FARMINGTON — Davis County officials approved the cleanup of an underground contaminated plume in West Bountiful by the Environmental Protection Agency.
The Davis County Commission recently entered into an environmental covenant with the EPA, granting it approval to clean up, as part of a Superfund site, county-owned property that has been affected by a underground plume of water contaminated with PCE (tetrachloroethylene).
The contaminated plume poses no threat to the county’s drinking water supply, but there are indications that the plume is beginning to move in the direction of the Holly Oil refinery, said Dave Spence, Davis County environmental health services division director.
Spence said the underground plume at roughly 344 S. 500 West in West Bountiful will be cleaned up over the next 50 years with the EPA using a technique similar to what the United States Air Force is using in cleaning up underground TCE plumes in north Davis County.
The TCE plumes, originating from Hill Air Force Base, also pose no risk to the area’s drinking water supply, according to officials.
“The plume is moving and this seems the best way to do it,” Spence said of having the EPA come in.
The underground contamination, first discovered in 1996, is suspected of having been caused by a dry- cleaning agent used by a dry-cleaning business in that area, West Bountiful City Administrator Craig Howe said.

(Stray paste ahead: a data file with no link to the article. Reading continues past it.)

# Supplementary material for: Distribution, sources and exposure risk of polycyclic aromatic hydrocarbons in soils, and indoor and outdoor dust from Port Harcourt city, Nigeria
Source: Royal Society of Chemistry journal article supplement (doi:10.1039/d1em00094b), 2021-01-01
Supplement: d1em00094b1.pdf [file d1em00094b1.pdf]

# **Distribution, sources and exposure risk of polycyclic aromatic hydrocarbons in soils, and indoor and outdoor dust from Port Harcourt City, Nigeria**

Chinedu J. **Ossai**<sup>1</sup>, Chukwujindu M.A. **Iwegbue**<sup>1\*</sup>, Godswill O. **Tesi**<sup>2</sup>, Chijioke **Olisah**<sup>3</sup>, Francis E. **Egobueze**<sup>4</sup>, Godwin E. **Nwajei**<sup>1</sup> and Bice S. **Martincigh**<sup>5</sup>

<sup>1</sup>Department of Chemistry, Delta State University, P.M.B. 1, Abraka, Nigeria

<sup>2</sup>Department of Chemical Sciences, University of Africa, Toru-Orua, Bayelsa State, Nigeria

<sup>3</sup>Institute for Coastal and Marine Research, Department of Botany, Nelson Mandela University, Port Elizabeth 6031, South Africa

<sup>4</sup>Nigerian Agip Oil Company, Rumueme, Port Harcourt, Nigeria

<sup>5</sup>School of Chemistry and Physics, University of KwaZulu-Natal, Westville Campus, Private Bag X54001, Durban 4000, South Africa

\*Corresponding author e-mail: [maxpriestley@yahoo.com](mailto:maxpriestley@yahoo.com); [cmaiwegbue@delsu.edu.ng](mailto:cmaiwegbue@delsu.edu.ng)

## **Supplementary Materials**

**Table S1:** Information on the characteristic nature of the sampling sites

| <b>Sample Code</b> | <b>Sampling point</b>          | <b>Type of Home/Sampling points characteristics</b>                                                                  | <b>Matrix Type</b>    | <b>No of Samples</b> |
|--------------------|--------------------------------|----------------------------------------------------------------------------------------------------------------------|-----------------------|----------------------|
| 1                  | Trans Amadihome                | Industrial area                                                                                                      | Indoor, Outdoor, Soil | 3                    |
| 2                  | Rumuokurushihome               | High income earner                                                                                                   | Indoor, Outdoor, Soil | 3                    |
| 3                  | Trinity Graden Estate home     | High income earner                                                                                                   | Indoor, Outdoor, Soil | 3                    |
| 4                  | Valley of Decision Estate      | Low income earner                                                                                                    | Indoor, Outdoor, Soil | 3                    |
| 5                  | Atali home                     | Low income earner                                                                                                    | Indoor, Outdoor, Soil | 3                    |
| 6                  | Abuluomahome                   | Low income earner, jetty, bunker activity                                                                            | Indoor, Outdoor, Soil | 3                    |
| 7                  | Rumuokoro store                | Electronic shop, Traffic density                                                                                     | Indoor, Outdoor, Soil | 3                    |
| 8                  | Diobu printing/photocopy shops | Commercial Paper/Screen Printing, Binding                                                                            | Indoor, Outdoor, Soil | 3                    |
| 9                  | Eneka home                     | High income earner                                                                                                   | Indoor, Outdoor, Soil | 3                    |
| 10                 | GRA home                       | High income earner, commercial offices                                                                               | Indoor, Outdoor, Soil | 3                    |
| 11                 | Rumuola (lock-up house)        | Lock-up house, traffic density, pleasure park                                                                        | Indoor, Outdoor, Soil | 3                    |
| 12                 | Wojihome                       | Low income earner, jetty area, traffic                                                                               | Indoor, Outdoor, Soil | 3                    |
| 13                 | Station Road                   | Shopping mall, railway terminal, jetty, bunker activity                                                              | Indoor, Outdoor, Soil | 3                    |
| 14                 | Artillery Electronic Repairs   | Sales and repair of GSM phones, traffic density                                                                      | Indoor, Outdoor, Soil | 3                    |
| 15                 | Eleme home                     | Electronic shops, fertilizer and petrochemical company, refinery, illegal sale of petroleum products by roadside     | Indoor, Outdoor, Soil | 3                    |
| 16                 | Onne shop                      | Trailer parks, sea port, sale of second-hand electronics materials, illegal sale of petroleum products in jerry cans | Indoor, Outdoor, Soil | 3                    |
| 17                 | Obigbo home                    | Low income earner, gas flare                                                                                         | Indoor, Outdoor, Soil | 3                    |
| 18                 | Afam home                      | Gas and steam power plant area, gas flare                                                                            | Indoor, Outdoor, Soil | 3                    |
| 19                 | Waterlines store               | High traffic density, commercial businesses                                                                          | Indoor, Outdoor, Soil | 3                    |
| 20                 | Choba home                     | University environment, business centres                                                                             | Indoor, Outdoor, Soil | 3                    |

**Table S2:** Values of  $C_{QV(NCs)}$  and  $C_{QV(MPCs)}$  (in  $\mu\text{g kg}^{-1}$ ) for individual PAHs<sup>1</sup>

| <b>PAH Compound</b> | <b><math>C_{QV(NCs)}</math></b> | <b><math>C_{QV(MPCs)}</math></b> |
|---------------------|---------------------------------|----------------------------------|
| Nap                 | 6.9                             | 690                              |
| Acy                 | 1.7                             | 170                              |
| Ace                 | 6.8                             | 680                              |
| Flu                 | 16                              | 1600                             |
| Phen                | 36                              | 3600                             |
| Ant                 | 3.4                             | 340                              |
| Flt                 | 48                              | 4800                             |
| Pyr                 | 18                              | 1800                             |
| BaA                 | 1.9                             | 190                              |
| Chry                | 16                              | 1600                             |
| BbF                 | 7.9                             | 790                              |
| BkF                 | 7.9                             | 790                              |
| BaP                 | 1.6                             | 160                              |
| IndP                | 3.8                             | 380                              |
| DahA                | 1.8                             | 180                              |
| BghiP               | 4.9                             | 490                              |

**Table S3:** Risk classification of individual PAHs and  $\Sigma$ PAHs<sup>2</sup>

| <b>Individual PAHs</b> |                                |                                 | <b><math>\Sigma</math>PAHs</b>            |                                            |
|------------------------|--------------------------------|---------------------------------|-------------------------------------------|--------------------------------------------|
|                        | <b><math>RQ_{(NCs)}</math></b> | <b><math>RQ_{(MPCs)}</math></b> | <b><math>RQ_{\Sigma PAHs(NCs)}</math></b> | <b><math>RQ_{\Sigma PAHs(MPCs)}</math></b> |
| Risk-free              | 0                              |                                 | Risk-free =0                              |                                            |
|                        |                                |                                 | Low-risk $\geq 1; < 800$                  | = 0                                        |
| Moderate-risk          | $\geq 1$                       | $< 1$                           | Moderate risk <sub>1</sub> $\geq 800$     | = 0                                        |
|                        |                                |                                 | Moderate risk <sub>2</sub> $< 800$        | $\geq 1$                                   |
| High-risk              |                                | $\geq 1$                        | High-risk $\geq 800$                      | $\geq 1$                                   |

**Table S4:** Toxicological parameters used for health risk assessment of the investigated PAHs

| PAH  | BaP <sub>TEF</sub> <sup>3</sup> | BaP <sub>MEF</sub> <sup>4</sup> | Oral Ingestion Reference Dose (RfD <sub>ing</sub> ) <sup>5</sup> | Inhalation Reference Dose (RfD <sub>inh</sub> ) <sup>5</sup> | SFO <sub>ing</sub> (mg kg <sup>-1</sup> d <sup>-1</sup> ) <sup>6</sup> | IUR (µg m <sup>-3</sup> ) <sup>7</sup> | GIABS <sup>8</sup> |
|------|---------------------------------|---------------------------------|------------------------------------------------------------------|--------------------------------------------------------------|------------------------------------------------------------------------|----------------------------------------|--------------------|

The plume “covers the bottom eighth of the city,” Howe said. “It’s huge.”
“Our biggest concern is that it is not impacting our residents,” Howe said of the plume the EPA approached the city about cleaning up about a year ago.
“They’ve been doing testing for years,” he said.
Like the county, each landowner affected by the plume has entered into an environmental covenant with the EPA, which is there on a Superfund assignment, Davis County property manager Tony Thompson said.
“There is no cost to the county for the cleanup," Thompson said.
The covenant states the EPA has notified the landowners about the plume and that it will clean it up. As a result landowners have agreed not to take any legal action against the federal government and its attempt to remedy the situation, Thompson said.
The EPA will extract the groundwater from the soil, filter and clean it, removing the contaminants, before discharging the water out to the Legacy Preserve near Legacy Parkway, Thompson said.
Because the EPA will not be doing a high rate of water extraction, making for minimal water flow, the clean discharged water could evaporate into the soil prior to reaching the preserve, Thompson said.
Michael Storck, state project manager for the Utah Department of Environmental Quality Environmental Response & Remediation Division, and EPA project manager Mario Rubles, based out of Denver, could not be reached for comment on the cleanup project.